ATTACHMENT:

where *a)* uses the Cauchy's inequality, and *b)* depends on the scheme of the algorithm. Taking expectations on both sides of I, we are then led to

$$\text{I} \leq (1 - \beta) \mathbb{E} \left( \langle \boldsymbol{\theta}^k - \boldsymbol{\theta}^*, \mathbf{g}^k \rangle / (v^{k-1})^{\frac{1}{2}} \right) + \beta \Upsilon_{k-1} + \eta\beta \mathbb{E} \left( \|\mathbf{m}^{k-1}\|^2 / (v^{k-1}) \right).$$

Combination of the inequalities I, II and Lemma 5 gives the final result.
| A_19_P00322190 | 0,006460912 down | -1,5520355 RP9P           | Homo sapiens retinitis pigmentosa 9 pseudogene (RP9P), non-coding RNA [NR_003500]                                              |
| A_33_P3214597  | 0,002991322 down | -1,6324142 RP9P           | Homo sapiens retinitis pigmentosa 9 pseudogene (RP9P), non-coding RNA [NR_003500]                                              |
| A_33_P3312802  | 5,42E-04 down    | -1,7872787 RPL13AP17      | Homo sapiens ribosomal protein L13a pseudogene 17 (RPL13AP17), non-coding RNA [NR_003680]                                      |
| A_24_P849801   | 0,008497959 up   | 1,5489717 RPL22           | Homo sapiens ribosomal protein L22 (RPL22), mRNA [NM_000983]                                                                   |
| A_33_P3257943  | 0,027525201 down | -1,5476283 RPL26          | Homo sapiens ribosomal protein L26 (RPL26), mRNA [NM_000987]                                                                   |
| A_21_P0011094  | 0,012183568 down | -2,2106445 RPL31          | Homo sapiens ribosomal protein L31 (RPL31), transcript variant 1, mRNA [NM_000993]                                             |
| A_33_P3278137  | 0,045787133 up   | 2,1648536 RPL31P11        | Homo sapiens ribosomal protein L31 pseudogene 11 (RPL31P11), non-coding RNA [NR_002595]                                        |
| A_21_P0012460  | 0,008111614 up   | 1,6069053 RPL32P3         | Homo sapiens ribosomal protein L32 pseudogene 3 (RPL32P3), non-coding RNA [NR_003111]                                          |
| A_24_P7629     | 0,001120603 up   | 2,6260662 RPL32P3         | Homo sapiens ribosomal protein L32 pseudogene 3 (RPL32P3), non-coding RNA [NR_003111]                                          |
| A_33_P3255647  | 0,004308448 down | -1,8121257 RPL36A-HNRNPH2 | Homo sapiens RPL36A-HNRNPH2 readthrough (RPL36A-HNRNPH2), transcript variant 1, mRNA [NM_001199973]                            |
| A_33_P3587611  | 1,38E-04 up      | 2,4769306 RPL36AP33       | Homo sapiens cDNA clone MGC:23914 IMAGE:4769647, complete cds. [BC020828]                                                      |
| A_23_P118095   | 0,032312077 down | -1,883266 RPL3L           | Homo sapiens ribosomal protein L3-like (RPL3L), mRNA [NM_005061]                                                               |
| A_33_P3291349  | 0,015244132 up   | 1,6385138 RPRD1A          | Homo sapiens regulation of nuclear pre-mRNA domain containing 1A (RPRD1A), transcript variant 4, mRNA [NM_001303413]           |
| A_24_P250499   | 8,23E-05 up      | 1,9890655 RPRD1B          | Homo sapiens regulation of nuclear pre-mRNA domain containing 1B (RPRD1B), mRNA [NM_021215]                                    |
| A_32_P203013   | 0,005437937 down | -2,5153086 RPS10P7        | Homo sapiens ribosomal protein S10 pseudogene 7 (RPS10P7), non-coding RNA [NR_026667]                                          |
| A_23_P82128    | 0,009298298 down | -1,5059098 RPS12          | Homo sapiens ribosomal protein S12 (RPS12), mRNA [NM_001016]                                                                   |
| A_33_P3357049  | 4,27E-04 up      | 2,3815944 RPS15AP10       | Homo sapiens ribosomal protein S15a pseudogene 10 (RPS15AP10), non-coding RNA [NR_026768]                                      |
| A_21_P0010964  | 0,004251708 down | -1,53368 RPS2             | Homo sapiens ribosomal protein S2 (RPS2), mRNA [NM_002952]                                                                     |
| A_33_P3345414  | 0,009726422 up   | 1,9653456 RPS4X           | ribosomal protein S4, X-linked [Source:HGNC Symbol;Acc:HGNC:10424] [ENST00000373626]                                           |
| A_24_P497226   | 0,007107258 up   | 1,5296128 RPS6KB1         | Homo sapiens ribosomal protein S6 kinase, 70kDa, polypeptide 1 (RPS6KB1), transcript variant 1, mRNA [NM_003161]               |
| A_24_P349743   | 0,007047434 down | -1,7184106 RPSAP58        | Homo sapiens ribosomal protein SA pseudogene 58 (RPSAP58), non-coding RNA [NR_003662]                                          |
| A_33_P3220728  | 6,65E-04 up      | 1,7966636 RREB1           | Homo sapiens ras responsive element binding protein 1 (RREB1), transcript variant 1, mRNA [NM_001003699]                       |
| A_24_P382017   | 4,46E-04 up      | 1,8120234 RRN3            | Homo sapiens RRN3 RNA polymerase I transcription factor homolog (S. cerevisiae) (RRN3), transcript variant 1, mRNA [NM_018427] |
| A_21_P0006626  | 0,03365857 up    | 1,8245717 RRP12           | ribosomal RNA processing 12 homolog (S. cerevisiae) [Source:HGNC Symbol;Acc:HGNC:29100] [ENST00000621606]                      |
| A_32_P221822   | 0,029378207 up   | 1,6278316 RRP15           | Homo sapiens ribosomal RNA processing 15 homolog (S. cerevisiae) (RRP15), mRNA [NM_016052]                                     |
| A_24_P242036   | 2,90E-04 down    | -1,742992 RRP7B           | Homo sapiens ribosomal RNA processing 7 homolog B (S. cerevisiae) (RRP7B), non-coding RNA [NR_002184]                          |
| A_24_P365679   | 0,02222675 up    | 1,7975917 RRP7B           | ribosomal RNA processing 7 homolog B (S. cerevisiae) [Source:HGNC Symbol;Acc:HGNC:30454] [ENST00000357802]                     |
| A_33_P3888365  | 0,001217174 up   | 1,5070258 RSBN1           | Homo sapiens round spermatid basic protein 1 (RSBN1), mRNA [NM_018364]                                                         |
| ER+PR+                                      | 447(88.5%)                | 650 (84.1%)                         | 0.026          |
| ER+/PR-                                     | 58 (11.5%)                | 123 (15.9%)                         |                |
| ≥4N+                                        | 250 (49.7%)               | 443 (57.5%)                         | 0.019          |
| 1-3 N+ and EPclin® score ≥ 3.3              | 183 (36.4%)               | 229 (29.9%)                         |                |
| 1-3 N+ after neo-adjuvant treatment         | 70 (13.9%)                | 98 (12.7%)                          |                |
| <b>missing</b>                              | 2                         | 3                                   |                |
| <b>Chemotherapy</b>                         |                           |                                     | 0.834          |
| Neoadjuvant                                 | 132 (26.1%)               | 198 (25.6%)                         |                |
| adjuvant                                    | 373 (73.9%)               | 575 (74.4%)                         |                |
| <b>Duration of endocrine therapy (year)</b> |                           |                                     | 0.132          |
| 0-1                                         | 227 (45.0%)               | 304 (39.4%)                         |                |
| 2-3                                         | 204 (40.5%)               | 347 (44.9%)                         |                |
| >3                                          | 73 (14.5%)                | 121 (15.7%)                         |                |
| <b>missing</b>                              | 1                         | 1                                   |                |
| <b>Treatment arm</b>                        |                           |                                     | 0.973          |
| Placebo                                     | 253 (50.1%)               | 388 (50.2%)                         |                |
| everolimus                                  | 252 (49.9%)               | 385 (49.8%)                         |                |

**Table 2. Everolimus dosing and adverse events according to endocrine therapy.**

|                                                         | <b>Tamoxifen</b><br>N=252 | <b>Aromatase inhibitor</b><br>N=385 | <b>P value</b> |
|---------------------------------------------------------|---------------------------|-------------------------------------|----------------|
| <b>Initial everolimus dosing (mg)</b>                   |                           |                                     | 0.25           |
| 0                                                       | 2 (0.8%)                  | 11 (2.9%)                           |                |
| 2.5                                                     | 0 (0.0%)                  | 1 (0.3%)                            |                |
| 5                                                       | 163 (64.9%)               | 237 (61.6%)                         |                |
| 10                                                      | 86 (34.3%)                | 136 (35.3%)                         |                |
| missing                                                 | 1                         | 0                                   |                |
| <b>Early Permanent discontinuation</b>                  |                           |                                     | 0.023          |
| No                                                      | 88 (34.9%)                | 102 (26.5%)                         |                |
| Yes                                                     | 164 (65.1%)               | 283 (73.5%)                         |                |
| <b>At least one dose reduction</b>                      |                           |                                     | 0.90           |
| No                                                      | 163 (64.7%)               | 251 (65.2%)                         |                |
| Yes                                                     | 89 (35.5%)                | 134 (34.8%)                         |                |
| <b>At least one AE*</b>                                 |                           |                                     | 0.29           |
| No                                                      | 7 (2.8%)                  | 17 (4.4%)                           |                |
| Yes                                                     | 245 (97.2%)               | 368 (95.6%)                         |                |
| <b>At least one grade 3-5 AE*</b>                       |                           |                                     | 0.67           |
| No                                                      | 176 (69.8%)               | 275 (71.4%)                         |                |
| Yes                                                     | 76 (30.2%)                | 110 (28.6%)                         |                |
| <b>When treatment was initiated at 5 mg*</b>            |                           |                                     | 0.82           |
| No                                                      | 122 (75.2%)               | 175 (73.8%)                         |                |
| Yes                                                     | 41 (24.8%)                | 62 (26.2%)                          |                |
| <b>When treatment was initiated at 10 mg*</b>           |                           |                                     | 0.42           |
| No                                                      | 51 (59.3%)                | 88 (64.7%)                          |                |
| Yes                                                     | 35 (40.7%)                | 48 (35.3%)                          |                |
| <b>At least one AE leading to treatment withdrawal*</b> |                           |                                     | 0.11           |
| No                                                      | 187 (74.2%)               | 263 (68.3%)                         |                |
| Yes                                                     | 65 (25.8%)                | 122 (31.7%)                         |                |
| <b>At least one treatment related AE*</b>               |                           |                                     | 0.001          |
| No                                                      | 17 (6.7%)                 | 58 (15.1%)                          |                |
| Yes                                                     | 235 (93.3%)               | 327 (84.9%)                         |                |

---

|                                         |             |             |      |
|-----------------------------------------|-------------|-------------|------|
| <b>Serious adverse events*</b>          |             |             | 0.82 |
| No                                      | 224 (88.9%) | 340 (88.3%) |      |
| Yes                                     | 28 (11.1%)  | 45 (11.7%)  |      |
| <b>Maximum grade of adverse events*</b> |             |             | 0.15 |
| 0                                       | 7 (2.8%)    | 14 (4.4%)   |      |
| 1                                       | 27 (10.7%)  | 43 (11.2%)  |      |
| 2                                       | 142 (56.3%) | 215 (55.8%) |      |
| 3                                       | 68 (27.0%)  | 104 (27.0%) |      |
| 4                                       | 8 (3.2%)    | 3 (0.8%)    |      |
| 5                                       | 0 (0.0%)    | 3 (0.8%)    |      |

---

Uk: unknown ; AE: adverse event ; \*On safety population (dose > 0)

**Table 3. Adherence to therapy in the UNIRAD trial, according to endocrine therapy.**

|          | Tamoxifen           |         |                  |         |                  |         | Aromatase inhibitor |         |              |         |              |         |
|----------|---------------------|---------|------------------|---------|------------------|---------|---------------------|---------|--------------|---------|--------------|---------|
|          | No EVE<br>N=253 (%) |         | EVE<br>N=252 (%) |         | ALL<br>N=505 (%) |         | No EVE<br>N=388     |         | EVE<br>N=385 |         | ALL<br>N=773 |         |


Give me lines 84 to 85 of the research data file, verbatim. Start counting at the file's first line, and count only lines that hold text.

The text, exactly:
|-----------------------------------------|-------------|-------------|------|
| <b>Serious adverse events*</b>          |             |             | 0.82 |